Thursday, June 19, 2014

Writers have always needed encouragement

If you like writing, you know how much encouragement means. When others look at your frustration at writing with that, "Get over it" look, you know how much it stings.

L.M. Montgomery had very little encouragement for her writing as she grew up. If you read the Emily of New Moon trilogy, you can see Emily go through that struggle. Curiously, the characters who show the most support are men, which is interesting to ponder. I read in one place that it reflects the control of men on the publishing industry at the time.

In 1895, Montgomery decided to attend Dalhousie University in Halifax. She could not afford to take an entire B.A., but she wanted to take some courses to help her with becoming a writer. Her grandparents were not overly supportive, and neither was the small town where she lived. In an entry recorded on September 15, 1895, Montgomery reflects on this lack of encouragement:
Grandfather has shown no interest of any kind in my going. Cavendish people generally show a somewhat contemptuous disapproval. Not a great many of them voice it but Mrs. Albert Macneill -- who never cares what she says or how she says it -- expressed her opinion in her own vulgar fashion when she remarked to me the other day, "I don't see what in the world you need with any more education. Do you want to be a preacher?"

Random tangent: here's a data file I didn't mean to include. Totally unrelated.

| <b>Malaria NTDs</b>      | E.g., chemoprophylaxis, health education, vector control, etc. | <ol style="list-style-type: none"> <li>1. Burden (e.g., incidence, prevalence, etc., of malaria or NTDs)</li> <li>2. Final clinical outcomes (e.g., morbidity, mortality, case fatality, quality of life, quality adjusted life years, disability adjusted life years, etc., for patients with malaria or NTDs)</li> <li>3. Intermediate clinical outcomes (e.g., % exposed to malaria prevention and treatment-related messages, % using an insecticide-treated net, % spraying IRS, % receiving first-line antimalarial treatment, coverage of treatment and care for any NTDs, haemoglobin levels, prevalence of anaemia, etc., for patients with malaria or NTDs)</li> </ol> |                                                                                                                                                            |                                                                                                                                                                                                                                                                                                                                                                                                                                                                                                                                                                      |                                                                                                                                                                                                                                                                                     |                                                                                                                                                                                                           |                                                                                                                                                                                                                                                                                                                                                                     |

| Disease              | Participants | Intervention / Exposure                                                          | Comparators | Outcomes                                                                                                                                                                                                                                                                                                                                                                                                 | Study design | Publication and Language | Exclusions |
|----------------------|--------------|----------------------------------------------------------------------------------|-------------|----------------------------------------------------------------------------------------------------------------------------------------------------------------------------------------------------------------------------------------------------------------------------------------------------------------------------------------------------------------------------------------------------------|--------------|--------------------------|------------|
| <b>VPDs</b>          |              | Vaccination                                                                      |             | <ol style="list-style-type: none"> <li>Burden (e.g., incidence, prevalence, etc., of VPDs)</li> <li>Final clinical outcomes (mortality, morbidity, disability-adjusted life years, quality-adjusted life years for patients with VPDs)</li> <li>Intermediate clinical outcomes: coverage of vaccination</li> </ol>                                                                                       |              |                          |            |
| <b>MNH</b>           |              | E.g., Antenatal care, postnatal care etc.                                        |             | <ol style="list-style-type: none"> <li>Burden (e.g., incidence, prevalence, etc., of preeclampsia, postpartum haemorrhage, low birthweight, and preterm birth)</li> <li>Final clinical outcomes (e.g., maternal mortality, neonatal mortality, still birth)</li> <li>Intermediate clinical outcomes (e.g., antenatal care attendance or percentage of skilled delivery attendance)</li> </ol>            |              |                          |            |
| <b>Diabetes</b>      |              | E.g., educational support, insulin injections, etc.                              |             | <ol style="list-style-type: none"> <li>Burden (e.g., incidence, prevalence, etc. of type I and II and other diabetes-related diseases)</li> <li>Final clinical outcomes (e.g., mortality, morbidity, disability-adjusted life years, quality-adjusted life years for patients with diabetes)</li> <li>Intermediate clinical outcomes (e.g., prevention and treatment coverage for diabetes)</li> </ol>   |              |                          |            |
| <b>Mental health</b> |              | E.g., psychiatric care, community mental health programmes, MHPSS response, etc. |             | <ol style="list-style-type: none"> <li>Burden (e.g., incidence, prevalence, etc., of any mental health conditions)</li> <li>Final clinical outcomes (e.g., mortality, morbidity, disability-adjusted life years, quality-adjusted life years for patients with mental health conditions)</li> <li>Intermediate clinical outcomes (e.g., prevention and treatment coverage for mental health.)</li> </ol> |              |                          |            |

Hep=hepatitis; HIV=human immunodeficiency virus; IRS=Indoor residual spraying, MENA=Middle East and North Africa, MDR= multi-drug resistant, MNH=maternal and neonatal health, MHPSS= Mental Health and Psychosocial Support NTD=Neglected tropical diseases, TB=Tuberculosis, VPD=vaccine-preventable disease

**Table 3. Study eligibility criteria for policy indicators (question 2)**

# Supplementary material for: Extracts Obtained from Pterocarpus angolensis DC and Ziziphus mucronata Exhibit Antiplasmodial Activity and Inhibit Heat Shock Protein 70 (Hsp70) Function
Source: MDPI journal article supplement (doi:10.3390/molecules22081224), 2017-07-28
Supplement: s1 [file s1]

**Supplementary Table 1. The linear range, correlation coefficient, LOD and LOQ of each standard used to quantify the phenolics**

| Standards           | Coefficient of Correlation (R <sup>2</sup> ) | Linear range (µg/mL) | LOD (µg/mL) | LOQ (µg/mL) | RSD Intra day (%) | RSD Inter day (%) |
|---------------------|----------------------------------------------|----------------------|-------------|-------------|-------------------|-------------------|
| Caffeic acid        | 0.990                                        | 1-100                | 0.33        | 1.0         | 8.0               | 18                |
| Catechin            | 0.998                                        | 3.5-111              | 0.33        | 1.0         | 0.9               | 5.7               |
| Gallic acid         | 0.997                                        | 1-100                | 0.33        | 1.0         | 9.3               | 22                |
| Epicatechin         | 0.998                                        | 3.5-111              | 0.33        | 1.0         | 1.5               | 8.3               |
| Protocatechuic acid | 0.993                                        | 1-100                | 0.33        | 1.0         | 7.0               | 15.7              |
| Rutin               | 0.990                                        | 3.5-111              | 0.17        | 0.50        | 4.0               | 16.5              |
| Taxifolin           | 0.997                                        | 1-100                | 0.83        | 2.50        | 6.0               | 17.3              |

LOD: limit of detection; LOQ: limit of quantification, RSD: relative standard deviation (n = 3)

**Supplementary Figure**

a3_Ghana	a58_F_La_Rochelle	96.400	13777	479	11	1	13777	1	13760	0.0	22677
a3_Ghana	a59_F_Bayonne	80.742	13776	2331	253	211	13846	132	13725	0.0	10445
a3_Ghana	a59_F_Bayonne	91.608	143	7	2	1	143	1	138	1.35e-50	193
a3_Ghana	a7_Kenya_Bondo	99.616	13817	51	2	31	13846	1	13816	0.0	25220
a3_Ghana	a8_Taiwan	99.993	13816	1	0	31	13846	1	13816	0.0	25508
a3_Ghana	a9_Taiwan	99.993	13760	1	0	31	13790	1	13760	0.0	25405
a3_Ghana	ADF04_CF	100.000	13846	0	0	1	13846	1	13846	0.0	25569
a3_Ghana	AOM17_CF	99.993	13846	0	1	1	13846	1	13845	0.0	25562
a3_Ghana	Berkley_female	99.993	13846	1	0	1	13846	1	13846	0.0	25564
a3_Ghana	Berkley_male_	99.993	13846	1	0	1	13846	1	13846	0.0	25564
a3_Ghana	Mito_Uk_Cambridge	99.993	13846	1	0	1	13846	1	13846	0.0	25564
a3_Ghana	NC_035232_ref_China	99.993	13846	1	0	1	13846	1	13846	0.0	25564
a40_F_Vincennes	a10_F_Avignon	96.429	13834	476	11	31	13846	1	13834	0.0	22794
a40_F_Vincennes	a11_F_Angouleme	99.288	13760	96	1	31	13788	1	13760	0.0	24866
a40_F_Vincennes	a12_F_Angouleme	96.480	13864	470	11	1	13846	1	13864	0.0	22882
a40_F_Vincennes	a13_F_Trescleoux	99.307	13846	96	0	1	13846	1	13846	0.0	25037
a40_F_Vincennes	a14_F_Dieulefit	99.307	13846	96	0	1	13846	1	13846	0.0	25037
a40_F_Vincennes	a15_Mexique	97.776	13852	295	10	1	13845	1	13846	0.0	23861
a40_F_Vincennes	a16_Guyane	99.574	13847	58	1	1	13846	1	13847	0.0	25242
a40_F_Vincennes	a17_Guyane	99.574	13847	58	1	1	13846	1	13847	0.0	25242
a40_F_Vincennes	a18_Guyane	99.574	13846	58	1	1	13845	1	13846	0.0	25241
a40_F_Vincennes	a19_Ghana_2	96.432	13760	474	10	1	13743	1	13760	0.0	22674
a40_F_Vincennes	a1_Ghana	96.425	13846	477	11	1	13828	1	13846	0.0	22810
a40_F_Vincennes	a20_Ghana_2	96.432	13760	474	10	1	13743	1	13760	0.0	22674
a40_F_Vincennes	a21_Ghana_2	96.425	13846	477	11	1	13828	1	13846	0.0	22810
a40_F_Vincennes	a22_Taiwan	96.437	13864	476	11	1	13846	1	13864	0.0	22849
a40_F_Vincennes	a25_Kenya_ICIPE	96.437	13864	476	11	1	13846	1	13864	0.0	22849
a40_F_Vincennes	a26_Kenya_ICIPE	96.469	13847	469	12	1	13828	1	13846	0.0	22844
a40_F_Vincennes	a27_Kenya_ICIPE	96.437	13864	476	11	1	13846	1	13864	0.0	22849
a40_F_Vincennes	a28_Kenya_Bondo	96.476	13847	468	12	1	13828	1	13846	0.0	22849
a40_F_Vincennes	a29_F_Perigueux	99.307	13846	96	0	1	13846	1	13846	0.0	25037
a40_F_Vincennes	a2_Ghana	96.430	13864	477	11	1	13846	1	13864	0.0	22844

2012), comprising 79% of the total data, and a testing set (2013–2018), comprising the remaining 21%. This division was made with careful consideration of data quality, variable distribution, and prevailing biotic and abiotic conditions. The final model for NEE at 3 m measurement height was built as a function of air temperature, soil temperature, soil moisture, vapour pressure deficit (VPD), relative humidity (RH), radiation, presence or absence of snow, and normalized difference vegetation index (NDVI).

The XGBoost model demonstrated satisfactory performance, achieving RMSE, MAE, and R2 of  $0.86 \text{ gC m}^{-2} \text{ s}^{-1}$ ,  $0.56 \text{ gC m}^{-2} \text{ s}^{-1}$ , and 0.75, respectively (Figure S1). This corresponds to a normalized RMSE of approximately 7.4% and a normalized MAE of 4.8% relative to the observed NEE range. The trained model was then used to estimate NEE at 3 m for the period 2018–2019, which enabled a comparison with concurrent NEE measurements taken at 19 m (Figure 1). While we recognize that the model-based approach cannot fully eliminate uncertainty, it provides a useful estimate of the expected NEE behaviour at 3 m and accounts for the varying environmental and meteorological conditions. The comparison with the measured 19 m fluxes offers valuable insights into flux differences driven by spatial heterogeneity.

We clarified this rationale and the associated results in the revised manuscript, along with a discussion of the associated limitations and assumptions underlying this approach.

Now, I don't care a snap for the opinion of Mrs. Albert or any of her ilk -- with my mind, that is. But I like Mrs. A. with all her shortcomings, and there is something in me that feels hurt and bruised by this attitude of old friends and acquaintances. Others are jealous and sneering. A thousand pin-pricks can cause a good deal of suffering. If I had just one friend, whose opinion I valued -- to say to me "You are right. You have it in you to achieve something if you get the proper intellectual training. Go ahead!" what a comfort it could be!
It would be interesting to study how many women throughout history felt this way about becoming educated.